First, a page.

ClassDojo has a fleet of services that work together to serve user requests as well as complete other data operation tasks. Most of these services are set to auto-scale to better utilize our resources. Part of doing this involves synchronizing a lot of metadata like tags and service ports to keep our configurations up to date. We started thinking about how we could improve distributed runtime changes to our infrastructure-wide config and service discovery as servers join and leave the fleet.
We currently use HAProxy to manage traffic to our backend services. It allows us to distribute the workload across our various servers as well as route requests meant for specific services to the right clusters. The way in which we ensure that HAProxy has an up-to-date view of which service clusters are available to receive traffic is by running a job on Jenkins every minute to update the list. It does this by polling AWS by security or autoscaling group name.
We have a handful of services in our backend, but our largest and most complex is our API backend. So we are very dependent on the availability of this service. We have been caught out by this a few times, where for some reason or another, our Jenkins job that generates the configuration file for HAProxy has failed or got stuck.
This has been particularly problematic in times of frequent load fluctuation. As load patterns change, we autoscale to add or remove servers from this cluster. However, because this is a pull rather than push model for updating service membership, any lag slows down how fast we are able to add capacity to our load balancer. Worst case, we can be delayed for up to a minute. On the flip side, old servers can potentially hang around in our load balancer config for up to a minute as well. This lag also puts more pressure on our auto-scaler because we are not able to reduce CPU pressure from our existing servers fast enough. Alternatively, the auto-scaler may end up over-provisioning in the next scale-up window because requests are still queued up.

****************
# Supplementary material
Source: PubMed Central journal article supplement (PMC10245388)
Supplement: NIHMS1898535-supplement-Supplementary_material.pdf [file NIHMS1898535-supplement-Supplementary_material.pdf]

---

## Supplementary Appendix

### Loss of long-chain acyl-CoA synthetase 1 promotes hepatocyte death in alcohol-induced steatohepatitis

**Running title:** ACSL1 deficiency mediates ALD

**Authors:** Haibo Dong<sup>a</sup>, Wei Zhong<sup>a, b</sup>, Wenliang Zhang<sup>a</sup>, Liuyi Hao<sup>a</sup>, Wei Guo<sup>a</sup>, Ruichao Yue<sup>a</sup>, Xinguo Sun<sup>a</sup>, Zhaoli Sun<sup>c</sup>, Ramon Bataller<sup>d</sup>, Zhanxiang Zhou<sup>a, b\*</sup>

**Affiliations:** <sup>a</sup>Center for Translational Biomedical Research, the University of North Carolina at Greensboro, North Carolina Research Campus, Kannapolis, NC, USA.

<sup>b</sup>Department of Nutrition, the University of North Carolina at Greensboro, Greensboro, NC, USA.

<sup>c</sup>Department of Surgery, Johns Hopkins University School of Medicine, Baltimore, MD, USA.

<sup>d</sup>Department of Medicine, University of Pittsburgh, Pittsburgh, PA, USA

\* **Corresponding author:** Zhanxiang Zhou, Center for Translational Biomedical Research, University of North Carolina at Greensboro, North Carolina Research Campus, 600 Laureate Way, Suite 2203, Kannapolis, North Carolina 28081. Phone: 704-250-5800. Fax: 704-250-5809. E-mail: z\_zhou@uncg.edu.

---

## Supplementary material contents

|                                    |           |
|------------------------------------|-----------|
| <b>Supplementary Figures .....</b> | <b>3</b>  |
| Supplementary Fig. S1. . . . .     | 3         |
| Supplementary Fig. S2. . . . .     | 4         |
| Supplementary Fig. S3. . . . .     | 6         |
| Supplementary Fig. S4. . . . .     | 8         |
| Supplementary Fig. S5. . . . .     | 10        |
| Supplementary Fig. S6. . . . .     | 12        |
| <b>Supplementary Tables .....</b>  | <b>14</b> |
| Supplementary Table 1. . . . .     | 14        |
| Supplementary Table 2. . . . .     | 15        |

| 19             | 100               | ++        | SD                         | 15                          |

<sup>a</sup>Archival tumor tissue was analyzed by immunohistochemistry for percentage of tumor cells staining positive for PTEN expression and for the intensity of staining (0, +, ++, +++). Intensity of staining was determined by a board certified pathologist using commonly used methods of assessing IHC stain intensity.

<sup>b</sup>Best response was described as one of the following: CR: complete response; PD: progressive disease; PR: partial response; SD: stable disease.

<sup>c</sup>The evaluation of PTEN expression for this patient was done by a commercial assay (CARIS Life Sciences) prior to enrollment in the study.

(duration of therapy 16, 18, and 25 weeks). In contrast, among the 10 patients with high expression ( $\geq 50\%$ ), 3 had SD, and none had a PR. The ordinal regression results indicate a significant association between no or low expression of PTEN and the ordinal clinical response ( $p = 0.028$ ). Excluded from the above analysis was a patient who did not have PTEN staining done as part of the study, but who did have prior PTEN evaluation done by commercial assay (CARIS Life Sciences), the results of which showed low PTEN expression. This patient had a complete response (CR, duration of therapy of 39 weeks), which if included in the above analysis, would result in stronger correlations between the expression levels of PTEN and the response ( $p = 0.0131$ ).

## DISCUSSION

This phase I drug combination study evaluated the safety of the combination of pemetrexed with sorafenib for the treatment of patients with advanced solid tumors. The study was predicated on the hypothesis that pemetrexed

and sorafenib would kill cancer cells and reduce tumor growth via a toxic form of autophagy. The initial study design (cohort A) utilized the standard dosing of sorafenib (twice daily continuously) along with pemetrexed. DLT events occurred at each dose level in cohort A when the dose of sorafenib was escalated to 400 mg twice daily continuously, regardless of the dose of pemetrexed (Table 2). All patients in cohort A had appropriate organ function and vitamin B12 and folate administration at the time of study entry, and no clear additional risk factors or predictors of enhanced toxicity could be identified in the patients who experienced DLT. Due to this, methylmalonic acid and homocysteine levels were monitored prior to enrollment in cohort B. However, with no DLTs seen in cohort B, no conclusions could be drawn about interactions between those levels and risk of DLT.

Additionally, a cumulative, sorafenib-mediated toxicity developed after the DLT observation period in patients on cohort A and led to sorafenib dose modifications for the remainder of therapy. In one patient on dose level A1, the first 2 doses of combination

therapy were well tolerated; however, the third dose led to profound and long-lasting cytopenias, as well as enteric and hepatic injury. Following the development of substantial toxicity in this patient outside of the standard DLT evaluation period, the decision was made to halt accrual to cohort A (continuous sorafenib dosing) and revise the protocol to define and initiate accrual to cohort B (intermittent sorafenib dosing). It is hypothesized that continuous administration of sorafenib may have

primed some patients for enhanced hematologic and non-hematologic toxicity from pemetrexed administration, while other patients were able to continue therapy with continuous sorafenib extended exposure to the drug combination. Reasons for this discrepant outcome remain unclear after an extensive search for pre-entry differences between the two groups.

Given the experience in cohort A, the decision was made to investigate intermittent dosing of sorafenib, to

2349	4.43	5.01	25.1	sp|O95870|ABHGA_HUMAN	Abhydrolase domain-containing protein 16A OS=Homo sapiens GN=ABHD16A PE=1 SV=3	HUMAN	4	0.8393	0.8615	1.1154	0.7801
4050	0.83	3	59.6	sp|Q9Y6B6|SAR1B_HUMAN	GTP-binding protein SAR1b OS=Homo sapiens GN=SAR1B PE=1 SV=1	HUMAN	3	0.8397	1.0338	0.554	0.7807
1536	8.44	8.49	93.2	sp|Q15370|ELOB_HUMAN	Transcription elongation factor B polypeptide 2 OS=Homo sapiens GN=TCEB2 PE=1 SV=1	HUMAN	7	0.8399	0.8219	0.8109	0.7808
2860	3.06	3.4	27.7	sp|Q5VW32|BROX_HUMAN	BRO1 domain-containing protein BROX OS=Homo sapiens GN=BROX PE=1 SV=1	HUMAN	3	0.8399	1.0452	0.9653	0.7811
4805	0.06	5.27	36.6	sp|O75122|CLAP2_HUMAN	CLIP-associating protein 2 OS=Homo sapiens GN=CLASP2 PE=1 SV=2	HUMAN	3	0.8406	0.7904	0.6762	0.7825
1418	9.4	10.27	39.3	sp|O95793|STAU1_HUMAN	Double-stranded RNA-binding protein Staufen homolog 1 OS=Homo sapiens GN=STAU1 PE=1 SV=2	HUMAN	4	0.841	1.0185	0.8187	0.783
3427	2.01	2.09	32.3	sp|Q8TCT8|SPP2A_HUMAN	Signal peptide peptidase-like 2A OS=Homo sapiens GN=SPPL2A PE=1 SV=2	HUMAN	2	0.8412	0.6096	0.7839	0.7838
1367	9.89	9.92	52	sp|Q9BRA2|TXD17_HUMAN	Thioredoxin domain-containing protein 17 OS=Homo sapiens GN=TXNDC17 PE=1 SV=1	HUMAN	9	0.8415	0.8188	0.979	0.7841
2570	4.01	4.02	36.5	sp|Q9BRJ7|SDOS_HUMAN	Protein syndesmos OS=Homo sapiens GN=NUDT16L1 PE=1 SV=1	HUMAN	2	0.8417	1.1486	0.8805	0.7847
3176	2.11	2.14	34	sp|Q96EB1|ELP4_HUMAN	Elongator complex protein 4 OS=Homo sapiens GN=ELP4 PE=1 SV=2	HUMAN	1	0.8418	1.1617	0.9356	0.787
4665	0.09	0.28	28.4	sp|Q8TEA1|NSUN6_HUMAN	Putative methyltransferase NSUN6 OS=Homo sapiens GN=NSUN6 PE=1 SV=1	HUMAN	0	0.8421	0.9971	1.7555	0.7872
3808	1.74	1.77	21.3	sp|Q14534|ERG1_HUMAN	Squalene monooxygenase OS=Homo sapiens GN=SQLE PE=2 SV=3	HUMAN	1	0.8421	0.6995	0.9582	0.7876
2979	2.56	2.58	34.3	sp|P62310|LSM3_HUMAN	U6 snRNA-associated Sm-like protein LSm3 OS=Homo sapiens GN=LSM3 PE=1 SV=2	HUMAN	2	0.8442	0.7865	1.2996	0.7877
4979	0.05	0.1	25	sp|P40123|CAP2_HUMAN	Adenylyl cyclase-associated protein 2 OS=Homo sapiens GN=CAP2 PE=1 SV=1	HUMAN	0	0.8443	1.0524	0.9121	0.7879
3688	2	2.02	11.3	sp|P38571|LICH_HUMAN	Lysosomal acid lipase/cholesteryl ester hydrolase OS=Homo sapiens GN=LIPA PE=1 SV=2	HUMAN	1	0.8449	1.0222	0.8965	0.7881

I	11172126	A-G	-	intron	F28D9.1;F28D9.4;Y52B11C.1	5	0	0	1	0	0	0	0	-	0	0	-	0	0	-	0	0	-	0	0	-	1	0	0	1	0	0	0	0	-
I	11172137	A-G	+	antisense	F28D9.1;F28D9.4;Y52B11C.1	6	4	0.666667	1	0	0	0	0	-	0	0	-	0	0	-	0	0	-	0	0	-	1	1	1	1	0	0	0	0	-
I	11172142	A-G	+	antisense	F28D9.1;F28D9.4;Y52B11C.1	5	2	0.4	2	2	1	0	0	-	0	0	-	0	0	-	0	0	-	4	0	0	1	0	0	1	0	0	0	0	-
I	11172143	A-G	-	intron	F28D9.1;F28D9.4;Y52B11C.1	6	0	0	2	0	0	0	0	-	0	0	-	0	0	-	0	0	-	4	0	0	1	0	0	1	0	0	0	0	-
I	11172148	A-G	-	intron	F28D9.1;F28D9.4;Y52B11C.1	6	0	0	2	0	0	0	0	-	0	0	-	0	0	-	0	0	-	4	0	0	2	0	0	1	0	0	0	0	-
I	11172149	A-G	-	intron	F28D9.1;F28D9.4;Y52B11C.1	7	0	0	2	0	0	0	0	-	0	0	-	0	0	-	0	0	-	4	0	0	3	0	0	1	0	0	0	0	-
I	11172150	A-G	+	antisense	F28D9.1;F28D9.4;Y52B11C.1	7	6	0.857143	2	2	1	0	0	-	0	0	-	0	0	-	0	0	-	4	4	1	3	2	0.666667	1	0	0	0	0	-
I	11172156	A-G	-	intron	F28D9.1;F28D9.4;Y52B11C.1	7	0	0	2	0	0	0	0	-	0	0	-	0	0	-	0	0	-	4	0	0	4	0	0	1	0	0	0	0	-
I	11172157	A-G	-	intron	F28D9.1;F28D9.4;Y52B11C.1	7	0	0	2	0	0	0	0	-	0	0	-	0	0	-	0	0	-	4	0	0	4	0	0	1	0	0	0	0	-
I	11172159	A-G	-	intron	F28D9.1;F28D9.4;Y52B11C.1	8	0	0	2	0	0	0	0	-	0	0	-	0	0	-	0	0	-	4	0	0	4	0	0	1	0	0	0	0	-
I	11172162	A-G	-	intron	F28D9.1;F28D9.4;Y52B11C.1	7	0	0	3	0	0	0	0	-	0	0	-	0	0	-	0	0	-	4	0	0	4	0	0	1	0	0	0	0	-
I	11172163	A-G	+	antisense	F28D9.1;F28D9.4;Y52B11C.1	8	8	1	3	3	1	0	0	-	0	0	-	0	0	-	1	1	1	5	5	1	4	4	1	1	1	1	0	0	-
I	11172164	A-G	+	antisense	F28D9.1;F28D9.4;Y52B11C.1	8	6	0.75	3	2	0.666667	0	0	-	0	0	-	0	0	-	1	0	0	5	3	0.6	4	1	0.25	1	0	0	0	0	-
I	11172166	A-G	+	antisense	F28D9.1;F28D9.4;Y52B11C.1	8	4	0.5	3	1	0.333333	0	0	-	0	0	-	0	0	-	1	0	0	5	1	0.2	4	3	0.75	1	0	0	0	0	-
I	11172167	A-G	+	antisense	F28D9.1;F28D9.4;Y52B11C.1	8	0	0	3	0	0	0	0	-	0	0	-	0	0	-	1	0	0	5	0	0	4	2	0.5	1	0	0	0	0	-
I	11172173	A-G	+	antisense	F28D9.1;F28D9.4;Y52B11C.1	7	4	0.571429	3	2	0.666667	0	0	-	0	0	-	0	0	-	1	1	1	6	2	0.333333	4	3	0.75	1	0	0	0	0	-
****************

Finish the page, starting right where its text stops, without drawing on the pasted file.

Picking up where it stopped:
After our recent encounters with these issues, we decided to investigate ways we might improve our current system, given its lack of reliability.
Seeing as we were already using HashiCorp’s Terraform product for our infrastructure, we decided to look into their service discovery product, Consul. With Consul, the main features that we were interested in were service discovery, health checks and failure detection, as well as the key-value store.
An Intro to Consul
Consul has two components; servers and clients, and together they form a single Consul cluster. Each client node in the cluster has a Consul agent running, whose purpose is to monitor the health of the services running as well as the node itself. These agents communicate with one or more Consul servers.
The difference between servers and clients is that servers store and replicate data. More specifically, they are responsible for maintaining the state of the clients in the cluster, ensuring that membership is accurately tracked via health monitoring, as well as managing the key-value store. Consul achieves this using the consensus protocol, Raft. The Secret Lives of Data provides a great interactive explanation of this, here. Not necessary to understand the basics of Consul, but nonetheless interesting.
The servers must successfully elect a leader to provide a fault-tolerant cluster. In order to avoid problems with split-brain networks, where an equal number of servers are on each side of a network split, or too few servers left to form a quorum, we decided to bootstrap our cluster with 5 nodes as is recommended by Consul. This table from the Consul documentation shows the trade-off between the number of servers in the cluster and the fault-tolerance.
Members of the cluster are able to automatically discover each other as long as they know the address of at least one other member. This auto-discovery feature means that addresses don’t need to be hardcoded. We leverage this Cloud Auto-Joining mechanism to bootstrap the cluster. It’s quite important to understand how cluster bootstrapping works in order to run a successful production cluster. Fortunately, Consul provides really useful bootstrapping documentation, here.